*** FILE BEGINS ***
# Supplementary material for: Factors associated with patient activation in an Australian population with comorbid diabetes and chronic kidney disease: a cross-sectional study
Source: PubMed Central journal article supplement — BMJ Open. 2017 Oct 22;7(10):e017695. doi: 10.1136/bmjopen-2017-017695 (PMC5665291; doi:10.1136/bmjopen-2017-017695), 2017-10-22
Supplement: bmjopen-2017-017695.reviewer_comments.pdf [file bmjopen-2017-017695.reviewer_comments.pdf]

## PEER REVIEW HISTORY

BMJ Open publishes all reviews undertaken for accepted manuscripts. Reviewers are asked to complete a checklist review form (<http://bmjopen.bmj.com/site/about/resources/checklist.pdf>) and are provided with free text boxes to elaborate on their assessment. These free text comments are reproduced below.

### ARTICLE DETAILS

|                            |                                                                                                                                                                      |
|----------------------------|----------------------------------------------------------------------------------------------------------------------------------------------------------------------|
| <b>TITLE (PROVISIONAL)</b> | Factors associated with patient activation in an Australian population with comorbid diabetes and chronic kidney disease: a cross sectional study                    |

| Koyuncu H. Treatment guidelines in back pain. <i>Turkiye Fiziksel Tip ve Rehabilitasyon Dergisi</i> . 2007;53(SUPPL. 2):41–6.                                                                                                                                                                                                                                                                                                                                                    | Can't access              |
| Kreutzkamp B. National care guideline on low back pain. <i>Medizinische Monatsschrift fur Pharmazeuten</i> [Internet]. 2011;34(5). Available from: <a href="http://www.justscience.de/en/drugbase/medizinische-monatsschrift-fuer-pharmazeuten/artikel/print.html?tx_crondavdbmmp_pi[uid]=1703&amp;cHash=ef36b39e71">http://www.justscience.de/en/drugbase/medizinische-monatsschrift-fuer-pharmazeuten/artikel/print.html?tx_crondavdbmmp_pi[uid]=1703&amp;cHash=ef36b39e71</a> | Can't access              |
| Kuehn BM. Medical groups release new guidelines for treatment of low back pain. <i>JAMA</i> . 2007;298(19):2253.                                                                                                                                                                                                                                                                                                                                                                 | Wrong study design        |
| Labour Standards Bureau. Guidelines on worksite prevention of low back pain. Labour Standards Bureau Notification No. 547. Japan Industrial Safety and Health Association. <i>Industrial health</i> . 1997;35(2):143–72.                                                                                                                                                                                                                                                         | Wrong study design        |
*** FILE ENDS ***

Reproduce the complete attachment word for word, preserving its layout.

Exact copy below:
# Supplementary material for: Factors associated with patient activation in an Australian population with comorbid diabetes and chronic kidney disease: a cross-sectional study
Source: PubMed Central journal article supplement — BMJ Open. 2017 Oct 22;7(10):e017695. doi: 10.1136/bmjopen-2017-017695 (PMC5665291; doi:10.1136/bmjopen-2017-017695), 2017-10-22
Supplement: bmjopen-2017-017695.reviewer_comments.pdf [file bmjopen-2017-017695.reviewer_comments.pdf]

## PEER REVIEW HISTORY

BMJ Open publishes all reviews undertaken for accepted manuscripts. Reviewers are asked to complete a checklist review form (<http://bmjopen.bmj.com/site/about/resources/checklist.pdf>) and are provided with free text boxes to elaborate on their assessment. These free text comments are reproduced below.

### ARTICLE DETAILS

|                            |                                                                                                                                                                      |
|----------------------------|----------------------------------------------------------------------------------------------------------------------------------------------------------------------|
| <b>TITLE (PROVISIONAL)</b> | Factors associated with patient activation in an Australian population with comorbid diabetes and chronic kidney disease: a cross sectional study                    |

| Koyuncu H. Treatment guidelines in back pain. <i>Turkiye Fiziksel Tip ve Rehabilitasyon Dergisi</i> . 2007;53(SUPPL. 2):41–6.                                                                                                                                                                                                                                                                                                                                                    | Can't access              |
| Kreutzkamp B. National care guideline on low back pain. <i>Medizinische Monatsschrift fur Pharmazeuten</i> [Internet]. 2011;34(5). Available from: <a href="http://www.justscience.de/en/drugbase/medizinische-monatsschrift-fuer-pharmazeuten/artikel/print.html?tx_crondavdbmmp_pi[uid]=1703&amp;cHash=ef36b39e71">http://www.justscience.de/en/drugbase/medizinische-monatsschrift-fuer-pharmazeuten/artikel/print.html?tx_crondavdbmmp_pi[uid]=1703&amp;cHash=ef36b39e71</a> | Can't access              |
| Kuehn BM. Medical groups release new guidelines for treatment of low back pain. <i>JAMA</i> . 2007;298(19):2253.                                                                                                                                                                                                                                                                                                                                                                 | Wrong study design        |
| Labour Standards Bureau. Guidelines on worksite prevention of low back pain. Labour Standards Bureau Notification No. 547. Japan Industrial Safety and Health Association. <i>Industrial health</i> . 1997;35(2):143–72.                                                                                                                                                                                                                                                         | Wrong study design        |